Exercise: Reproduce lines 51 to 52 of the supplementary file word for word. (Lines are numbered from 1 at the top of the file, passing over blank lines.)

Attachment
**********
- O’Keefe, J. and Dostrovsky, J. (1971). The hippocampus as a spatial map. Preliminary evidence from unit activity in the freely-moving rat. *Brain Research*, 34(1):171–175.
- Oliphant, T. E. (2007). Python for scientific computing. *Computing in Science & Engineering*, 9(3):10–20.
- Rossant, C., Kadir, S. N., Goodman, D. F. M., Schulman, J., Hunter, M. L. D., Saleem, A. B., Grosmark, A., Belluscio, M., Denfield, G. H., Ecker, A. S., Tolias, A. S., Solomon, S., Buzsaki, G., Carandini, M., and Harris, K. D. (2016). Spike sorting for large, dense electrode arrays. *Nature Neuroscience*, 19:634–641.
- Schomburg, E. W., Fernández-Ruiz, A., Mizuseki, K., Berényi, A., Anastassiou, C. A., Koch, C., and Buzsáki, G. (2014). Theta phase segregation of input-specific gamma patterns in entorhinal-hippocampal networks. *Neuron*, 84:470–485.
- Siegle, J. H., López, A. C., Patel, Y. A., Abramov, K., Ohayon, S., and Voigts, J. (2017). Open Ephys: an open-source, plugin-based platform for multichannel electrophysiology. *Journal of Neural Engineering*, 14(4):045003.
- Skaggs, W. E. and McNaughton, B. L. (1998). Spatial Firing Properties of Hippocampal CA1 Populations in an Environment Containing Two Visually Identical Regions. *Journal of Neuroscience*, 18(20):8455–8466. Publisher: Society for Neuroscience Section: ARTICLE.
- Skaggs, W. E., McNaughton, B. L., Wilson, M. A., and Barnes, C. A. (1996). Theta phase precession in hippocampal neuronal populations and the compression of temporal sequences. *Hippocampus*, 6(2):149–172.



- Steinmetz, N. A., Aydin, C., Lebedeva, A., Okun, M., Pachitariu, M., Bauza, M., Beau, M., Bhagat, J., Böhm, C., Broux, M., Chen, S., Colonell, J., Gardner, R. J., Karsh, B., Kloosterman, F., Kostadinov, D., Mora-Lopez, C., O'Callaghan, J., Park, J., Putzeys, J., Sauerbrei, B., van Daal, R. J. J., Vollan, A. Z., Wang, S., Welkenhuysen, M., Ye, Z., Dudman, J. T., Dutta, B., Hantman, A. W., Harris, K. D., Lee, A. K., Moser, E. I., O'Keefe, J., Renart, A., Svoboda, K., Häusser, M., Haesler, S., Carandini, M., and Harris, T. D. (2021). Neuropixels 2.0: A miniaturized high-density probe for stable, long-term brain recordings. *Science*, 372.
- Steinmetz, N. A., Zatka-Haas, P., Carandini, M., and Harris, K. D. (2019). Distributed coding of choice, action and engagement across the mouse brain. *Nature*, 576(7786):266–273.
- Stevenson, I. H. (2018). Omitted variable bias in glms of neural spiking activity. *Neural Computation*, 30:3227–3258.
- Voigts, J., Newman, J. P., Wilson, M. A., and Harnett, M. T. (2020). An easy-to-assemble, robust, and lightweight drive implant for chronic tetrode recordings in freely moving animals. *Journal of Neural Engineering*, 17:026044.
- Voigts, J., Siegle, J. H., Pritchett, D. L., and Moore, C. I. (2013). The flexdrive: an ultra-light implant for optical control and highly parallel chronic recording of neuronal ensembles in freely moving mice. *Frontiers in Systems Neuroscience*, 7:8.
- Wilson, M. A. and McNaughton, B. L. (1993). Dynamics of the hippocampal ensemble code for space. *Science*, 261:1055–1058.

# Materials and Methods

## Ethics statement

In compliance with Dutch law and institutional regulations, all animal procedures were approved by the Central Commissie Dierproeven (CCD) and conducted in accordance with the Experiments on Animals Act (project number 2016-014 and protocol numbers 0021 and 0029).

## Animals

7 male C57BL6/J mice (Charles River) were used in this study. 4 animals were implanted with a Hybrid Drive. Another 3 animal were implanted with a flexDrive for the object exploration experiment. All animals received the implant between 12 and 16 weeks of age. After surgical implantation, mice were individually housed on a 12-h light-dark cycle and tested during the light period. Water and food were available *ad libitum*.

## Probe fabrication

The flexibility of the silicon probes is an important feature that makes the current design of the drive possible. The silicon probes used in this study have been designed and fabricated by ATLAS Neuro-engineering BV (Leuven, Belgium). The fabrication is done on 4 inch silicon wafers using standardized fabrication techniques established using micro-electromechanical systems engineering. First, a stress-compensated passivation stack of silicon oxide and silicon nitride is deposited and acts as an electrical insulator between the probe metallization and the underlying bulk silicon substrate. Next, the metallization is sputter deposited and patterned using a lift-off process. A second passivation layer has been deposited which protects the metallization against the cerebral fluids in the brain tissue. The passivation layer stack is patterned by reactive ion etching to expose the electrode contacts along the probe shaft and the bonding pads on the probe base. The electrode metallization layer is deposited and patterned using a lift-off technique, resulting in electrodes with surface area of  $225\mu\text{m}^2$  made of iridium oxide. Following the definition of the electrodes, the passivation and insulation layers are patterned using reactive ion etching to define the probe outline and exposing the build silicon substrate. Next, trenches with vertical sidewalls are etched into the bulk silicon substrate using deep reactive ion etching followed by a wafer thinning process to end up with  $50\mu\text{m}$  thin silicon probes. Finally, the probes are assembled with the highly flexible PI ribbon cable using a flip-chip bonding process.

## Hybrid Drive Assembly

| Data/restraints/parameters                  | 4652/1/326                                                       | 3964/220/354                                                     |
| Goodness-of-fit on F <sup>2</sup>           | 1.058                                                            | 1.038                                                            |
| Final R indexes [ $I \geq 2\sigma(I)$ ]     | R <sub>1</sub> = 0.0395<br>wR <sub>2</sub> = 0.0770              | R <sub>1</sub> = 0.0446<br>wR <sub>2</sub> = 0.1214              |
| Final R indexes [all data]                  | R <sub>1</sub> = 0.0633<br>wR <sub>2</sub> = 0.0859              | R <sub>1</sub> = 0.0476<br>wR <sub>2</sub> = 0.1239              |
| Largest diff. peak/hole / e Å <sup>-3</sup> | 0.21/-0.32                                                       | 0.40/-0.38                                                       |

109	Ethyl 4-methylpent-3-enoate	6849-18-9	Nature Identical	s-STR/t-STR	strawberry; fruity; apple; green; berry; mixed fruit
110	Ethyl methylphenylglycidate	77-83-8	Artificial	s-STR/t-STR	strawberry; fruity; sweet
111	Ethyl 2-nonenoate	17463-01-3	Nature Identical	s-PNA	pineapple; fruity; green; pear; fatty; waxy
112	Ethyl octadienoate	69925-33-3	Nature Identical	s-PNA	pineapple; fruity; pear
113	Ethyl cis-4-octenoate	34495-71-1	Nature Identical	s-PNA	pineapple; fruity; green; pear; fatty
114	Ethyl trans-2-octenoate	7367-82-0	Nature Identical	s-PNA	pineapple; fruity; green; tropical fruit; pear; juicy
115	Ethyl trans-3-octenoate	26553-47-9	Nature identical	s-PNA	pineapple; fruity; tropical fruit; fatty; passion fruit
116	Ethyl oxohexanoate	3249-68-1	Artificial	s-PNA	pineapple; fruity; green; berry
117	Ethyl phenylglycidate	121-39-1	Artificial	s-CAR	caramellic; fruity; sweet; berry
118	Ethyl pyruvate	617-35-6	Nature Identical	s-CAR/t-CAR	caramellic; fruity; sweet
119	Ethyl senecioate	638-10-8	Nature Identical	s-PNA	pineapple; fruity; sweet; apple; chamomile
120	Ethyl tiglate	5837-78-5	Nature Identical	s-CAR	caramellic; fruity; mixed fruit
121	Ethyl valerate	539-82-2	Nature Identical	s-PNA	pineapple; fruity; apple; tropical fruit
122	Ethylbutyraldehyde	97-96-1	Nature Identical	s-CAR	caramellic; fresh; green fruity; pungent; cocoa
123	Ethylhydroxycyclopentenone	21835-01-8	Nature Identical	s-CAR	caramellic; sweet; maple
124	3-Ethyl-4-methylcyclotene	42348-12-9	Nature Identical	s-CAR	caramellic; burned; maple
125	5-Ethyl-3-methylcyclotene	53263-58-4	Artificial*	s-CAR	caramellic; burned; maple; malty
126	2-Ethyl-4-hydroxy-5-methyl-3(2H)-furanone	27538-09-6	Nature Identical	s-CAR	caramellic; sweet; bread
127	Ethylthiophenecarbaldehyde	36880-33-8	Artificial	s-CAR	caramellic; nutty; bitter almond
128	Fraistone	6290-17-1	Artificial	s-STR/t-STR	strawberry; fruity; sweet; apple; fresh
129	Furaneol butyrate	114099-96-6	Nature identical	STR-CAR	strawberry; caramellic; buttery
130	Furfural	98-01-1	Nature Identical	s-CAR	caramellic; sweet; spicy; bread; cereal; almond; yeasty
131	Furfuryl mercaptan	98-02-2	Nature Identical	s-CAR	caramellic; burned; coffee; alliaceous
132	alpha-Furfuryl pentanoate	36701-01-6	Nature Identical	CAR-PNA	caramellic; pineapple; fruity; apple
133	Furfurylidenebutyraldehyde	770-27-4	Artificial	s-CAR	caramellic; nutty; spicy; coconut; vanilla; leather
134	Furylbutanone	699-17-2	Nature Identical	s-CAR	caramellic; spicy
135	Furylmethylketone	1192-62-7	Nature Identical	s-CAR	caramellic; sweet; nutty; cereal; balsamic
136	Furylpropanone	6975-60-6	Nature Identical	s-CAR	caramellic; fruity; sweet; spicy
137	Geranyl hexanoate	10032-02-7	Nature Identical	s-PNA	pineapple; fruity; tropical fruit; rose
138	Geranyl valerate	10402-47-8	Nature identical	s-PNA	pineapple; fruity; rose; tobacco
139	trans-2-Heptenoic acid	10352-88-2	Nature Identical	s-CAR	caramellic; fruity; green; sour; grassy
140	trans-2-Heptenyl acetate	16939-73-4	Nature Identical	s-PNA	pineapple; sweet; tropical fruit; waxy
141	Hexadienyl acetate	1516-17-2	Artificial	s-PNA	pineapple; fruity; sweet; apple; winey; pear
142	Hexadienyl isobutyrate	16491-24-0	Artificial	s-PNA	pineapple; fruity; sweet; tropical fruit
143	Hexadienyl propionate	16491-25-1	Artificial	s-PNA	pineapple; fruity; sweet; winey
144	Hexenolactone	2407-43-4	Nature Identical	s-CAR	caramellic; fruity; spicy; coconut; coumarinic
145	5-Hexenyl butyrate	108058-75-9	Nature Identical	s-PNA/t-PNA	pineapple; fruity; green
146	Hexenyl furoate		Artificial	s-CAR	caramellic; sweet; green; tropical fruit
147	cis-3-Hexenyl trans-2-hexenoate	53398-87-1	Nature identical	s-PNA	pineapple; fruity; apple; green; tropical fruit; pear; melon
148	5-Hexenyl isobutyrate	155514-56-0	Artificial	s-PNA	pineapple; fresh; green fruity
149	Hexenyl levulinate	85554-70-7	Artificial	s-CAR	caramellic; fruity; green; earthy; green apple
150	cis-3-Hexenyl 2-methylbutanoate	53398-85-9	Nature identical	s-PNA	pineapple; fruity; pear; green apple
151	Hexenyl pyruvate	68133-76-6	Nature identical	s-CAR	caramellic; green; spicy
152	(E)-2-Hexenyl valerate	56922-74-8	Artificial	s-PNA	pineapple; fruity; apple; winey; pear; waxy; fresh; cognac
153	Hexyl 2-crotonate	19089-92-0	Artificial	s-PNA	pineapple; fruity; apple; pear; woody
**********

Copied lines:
133	Furfurylidenebutyraldehyde	770-27-4	Artificial	s-CAR	caramellic; nutty; spicy; coconut; vanilla; leather
134	Furylbutanone	699-17-2	Nature Identical	s-CAR	caramellic; spicy